4 VI 0.85 0.71
4 VII 0.90 0.76
4 VIII 0.97 0.83

Atomic radius and electronegativity are simplistic concepts that give guidance, but there are more effective modeling techniques for prediction of alloy phases. In the 1970s, I designed computer models in which thermodynamic free energy was used to predict alloy phases. Since such thermodynamic data were limited, many approximations and rules of thumb were required. One such rule is Trouton's rule, which states that the entropy of vaporization, which is the enthalpy of vaporization divided by the normal boiling point, is about 75 J/mol-K.

As everyone has noticed, artificial intelligence is taking over the world, and it's been applied to the problem of predicting what compositions of elements will yield metallic glasses. In a similar fashion to the alloy-forming rules that I mentioned above, metallic glass compositions have been discovered using empirical rules, such as Turnbull's rule that metallic glasses form near deep eutectics in the alloy phase diagrams. Metallic glasses are amorphous, non-crystalline solids. Since some compositions exhibit low magnetic hysteresis, they're used to make energy-efficient transformers with an amorphous metal core. Some metallic glasses have a high magnetic permeability, so they are very effective electromagnetic shielding materials.

Scientists from the SLAC National Accelerator Laboratory (Menlo Park, California), Northwestern University (Evanston, Illinois), the University of Chicago (Chicago, Illinois), the University of South Carolina (Columbia, South Carolina), the University of New South Wales (Sydney, Australia), and the National Institute of Standards and Technology (Gaithersburg, Maryland) have applied machine learning techniques to the task of discovering metallic glasses. They report their progress in a free, open access paper in Science Advances.[6-8]

The motivation for this approach is the slow rate of progress to discovery of new metallic glass compositions by the traditional empirical techniques. The periodic table is teaming with elements, leading to numerous combinations that should yield millions of metallic glasses. However, only about 6,000 have been discovered.[7-8] They are hard to find, since they often contain three or more elements, and they are sensitive to processing technique.[6]

Such machine-learning requires an initial dataset. The research team used data from 6780 melt spinning experiments at 5313 unique compositions in the Landolt-Börnstein handbook, a compendium of fifty years of such data. This handbook contains 315 binary systems (25% of the possible binaries of the 51 examined elements) and spot data from 293 different ternary systems, with a bias towards data for the Al-La-Ni ternary.[6] As can be expected, this dataset is biased towards positive results, with 71% of listed experiments leading to amorphous metals.[6]

The research team combined taught a machine learning algorithm about conditions favorable to metallic glass formation with this initial dataset, and then proceeded with iterative high-throughput experiments to refine the algorithm.[6] The improved model was able to refine predictions for the Co-V-Zr alloy system, and it eventually discovered of metallic glasses in two previously unreported ternaries.[6] Says paper co-author, Apurva Mehta of SLAC, "We were able to make and screen 20,000 (compositions) in a single year."[7-8]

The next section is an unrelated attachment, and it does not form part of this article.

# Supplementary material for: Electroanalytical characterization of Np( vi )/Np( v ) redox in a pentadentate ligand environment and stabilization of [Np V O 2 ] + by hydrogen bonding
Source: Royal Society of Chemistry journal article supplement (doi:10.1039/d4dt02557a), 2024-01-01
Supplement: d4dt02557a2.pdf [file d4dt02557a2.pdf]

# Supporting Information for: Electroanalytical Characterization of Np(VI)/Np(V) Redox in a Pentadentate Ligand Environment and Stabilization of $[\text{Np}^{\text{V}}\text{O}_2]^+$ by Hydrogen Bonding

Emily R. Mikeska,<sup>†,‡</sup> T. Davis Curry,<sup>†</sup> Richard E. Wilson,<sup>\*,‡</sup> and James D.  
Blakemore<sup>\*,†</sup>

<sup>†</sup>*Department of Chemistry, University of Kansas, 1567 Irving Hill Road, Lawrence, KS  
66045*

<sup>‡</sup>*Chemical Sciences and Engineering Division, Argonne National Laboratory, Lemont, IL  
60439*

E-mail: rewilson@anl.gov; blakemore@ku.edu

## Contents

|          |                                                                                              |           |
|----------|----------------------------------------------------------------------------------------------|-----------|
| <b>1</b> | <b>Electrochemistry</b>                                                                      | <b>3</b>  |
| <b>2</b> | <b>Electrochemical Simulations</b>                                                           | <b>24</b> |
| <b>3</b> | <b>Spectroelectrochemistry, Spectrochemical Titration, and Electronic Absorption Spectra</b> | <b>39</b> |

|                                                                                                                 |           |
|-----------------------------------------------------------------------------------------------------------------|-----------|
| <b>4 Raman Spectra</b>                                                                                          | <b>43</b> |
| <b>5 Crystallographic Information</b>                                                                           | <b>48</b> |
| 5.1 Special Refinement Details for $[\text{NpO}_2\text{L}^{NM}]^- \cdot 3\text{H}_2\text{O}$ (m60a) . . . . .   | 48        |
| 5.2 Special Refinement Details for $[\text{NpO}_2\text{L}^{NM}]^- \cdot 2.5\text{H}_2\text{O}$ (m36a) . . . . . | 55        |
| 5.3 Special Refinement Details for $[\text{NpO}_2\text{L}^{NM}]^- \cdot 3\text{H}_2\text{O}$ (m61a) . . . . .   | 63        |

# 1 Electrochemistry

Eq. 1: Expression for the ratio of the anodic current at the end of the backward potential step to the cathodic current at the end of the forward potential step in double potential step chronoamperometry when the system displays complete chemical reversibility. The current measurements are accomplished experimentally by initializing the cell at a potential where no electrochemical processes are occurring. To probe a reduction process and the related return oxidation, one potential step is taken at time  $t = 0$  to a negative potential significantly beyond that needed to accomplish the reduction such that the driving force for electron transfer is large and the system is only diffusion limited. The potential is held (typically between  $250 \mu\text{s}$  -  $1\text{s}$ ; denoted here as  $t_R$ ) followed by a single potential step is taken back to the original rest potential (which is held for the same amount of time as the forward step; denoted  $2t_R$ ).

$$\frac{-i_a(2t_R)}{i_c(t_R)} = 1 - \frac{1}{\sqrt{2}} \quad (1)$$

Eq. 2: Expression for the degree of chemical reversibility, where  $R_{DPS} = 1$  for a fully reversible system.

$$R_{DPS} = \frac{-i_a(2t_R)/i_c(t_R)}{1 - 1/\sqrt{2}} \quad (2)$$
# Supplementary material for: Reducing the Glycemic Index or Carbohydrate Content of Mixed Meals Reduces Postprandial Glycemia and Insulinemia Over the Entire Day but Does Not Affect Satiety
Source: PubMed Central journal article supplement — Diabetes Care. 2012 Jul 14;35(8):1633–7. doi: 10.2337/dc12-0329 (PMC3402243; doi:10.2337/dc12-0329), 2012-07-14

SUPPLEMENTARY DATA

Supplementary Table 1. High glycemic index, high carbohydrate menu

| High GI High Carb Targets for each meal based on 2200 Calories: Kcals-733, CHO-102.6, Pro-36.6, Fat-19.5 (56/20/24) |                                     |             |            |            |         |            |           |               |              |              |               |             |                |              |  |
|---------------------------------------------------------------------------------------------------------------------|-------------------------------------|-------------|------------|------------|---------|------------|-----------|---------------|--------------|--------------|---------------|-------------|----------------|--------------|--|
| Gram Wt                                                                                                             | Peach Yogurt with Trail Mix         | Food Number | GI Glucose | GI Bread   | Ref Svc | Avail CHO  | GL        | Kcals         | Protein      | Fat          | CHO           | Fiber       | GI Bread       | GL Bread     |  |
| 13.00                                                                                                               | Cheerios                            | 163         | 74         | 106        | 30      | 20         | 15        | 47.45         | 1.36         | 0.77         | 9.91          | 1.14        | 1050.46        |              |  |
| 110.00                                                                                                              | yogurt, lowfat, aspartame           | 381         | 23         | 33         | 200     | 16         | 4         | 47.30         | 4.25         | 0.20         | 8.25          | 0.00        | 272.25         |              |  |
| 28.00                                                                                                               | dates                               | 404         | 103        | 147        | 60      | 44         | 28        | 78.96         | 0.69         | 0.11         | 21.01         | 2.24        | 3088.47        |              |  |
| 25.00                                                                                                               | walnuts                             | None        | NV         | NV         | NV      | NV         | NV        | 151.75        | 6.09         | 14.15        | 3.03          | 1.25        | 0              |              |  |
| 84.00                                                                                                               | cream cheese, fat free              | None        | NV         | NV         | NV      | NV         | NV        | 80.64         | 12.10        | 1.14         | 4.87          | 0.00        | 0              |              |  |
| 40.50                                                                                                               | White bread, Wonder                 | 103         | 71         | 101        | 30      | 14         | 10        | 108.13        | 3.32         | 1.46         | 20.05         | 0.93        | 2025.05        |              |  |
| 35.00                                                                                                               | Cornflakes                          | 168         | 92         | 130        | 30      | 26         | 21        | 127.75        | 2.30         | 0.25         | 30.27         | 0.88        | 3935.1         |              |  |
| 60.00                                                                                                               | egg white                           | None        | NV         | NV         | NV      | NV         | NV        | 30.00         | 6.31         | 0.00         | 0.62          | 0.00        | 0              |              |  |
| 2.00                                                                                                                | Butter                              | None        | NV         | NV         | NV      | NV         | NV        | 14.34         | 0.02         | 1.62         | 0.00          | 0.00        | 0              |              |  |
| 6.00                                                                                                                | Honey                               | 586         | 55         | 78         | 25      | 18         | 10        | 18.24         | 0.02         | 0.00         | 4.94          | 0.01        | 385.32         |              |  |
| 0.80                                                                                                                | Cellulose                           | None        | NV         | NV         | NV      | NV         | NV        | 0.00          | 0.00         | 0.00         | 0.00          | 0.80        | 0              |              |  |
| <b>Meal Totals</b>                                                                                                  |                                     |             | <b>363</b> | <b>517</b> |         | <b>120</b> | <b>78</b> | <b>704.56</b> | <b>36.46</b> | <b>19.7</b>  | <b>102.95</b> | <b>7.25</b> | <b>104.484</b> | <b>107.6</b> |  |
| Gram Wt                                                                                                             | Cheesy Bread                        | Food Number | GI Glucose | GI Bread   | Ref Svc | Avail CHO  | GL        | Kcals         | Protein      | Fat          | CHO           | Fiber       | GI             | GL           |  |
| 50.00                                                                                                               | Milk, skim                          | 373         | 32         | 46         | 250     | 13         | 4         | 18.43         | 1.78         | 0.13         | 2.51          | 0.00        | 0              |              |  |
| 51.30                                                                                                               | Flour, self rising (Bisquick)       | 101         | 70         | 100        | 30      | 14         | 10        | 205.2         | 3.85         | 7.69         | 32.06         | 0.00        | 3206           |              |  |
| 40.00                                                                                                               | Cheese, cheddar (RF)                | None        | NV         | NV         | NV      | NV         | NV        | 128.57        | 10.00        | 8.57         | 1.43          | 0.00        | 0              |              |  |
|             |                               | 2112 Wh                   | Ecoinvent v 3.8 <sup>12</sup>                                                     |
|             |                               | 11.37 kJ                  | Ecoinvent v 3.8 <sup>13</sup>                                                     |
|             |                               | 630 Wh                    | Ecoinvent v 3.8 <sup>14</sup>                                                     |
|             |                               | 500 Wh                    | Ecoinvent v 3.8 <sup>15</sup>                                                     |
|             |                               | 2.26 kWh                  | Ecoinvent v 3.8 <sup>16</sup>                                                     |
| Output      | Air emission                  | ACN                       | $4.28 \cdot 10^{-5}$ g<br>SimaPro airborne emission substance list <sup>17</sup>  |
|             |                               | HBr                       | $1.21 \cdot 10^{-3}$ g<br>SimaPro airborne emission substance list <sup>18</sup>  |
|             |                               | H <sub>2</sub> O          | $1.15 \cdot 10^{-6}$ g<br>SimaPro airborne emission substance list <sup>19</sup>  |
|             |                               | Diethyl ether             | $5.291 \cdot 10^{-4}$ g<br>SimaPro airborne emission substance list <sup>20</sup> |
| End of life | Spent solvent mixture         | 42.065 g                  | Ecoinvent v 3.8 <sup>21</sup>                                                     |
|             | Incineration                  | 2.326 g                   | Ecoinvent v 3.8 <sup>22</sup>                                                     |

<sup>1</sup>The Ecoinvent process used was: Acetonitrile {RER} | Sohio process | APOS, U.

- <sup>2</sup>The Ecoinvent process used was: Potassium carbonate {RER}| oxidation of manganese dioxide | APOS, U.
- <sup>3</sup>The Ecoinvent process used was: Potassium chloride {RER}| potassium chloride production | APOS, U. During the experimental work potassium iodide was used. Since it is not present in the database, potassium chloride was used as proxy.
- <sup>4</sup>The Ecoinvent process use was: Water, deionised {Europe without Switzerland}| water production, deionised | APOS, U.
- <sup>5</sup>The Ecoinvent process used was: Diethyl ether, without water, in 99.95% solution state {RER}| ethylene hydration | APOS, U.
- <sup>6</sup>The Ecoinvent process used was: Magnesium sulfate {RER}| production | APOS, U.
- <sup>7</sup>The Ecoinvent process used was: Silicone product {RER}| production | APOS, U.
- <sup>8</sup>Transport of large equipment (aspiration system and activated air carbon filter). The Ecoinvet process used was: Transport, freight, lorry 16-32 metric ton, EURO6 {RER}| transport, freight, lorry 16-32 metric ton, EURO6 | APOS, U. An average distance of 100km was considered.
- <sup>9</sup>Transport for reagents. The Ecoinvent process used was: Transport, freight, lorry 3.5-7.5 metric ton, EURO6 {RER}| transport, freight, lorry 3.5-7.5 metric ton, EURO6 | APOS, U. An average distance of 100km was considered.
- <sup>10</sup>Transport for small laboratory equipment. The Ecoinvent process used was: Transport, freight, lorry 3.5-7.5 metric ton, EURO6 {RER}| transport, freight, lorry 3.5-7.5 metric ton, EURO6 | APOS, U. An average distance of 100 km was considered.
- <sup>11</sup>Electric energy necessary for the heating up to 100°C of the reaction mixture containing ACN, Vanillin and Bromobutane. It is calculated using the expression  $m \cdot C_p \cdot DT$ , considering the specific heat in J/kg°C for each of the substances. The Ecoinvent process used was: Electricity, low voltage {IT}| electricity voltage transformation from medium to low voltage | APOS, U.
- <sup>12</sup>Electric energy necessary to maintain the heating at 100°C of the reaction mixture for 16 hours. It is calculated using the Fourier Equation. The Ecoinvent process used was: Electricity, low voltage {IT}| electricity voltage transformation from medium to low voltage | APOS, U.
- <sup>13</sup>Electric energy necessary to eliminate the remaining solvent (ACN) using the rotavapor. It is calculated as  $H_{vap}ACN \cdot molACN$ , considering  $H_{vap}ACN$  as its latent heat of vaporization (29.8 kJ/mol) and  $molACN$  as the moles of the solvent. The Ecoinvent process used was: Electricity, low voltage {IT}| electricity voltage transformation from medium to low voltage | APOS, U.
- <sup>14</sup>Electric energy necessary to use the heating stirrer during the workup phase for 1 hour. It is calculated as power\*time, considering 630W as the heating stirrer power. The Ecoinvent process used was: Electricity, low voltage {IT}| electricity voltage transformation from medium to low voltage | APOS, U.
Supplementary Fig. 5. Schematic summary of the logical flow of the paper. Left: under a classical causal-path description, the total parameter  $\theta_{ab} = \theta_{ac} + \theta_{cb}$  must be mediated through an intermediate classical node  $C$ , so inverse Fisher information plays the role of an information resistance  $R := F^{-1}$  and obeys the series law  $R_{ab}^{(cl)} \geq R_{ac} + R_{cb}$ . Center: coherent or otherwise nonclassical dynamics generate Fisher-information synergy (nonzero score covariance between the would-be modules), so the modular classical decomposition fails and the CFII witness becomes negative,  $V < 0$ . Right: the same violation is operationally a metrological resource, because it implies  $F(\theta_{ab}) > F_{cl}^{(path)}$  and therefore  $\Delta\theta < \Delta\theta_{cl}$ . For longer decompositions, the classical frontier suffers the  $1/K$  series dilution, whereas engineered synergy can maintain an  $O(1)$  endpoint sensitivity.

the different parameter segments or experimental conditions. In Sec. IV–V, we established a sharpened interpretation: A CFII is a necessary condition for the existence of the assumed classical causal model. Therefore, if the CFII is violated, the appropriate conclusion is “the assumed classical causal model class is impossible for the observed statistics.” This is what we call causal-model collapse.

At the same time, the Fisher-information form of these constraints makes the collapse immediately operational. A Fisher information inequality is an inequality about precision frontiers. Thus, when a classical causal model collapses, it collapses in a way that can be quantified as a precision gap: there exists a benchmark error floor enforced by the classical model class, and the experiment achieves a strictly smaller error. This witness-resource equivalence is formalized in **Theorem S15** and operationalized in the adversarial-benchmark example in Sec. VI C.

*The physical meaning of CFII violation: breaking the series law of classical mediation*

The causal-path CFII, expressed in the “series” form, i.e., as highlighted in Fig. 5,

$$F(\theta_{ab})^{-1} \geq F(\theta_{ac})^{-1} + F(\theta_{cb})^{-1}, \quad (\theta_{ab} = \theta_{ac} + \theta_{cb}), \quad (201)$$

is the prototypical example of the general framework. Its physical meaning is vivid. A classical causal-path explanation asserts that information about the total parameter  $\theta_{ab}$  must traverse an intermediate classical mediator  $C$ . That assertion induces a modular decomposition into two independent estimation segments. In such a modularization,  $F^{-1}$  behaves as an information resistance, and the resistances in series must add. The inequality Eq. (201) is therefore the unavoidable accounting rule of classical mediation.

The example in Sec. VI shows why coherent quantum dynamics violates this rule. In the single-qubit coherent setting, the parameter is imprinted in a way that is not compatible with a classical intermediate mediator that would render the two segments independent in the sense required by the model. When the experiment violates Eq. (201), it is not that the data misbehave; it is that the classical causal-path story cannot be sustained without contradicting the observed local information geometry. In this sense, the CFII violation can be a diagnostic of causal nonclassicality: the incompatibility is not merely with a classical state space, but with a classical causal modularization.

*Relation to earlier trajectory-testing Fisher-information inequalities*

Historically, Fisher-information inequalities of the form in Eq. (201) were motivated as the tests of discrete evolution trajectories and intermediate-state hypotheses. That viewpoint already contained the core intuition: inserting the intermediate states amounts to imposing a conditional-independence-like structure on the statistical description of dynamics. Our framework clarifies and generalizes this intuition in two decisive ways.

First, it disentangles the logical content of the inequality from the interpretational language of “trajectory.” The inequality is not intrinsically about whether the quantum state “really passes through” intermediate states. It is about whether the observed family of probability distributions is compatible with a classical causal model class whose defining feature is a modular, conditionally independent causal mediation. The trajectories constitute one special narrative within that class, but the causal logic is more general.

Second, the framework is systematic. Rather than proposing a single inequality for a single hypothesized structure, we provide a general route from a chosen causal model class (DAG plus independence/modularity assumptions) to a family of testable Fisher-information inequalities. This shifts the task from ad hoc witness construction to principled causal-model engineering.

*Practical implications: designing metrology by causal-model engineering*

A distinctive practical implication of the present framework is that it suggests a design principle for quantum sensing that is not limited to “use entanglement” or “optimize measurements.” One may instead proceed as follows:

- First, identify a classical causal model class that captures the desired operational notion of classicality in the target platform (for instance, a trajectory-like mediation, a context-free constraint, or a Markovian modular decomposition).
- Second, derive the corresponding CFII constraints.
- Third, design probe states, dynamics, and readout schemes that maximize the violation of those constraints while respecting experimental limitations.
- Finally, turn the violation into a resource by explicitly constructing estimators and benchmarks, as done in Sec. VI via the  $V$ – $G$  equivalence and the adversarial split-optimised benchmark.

Metallic glass, machine learning predictions vs experiment

Metallic glass, machine learning predictions vs experiment. (SLAC National Accelerator Laboratory image by Yvonne Tang.)


Says Jason Hattrick-Simpers, a materials research engineer at NIST and an author of the paper,
"One of the more exciting aspects of this is that we can make predictions so quickly and turn experiments around so rapidly that we can afford to investigate materials that don’t follow our normal rules of thumb about whether a material will form a glass or not... AI is going to shift the landscape of how materials science is done, and this is the first step."[7-8]

This artificial intelligence approach has paid off, since the discovery rate for metallic glass increased from about 0.25% of samples tested to nearly 50%.[7-8] This study was funded by the US Department of Energy, the Center for Hierarchical Materials Design at Northwestern University, and the National Institute of Standards and Technology.[7-8]

References:

  1. Neeraja Sankaran, "Scientists With Disabilities Must Confront Societal As Well As Physical Challenges," The Scientist, January 23, 1995.
  2. W. Hume-Rothery, "Research on the nature, properties and conditions of formation of intermetallic compounds, with special reference to certain compounds of tin," J. Inst. Metals., vol 35 (1926), pp. 295-307.
  3. R. D. Shannon, "Revised effective ionic radii and systematic studies of interatomic distances in halides and chalcogenides," Acta Crystallographica Section A, vol. 35, no. 5 (September, 1976), pp. 751-767.
  4. R. D. Shannon and C. T. Prewitt, "Revised values of effective ionic radii," Acta Cryst., vol. B26, no, 7 (July 15, 1970), pp. 1046-1048, https://doi.org/10.1107/S0567740870003576.
  5. Database of Ionic Radii, Atomistic Simulation Group, Materials Department, Imperial College.
  6. Fang Ren, Logan Ward, Travis Williams, Kevin J. Laws, Christopher Wolverton, Jason Hattrick-Simpers and Apurva Mehta, "Accelerated discovery of metallic glasses through iteration of machine learning and high-throughput experiments," Science Advances, vol. 4, no. 4 (April 13, 2018), Article no. eaaq1566, DOI: 10.1126/sciadv.aaq1566. This is an open access article with a PDF file here.
  7. Artificial intelligence accelerates discovery of metallic glass, Northwestern University Press Release, April 13, 2018.
  8. Glennda Chui, "Scientists Use Machine Learning to Speed Discovery of Metallic Glass," SLAC Press Release, April 13, 2018.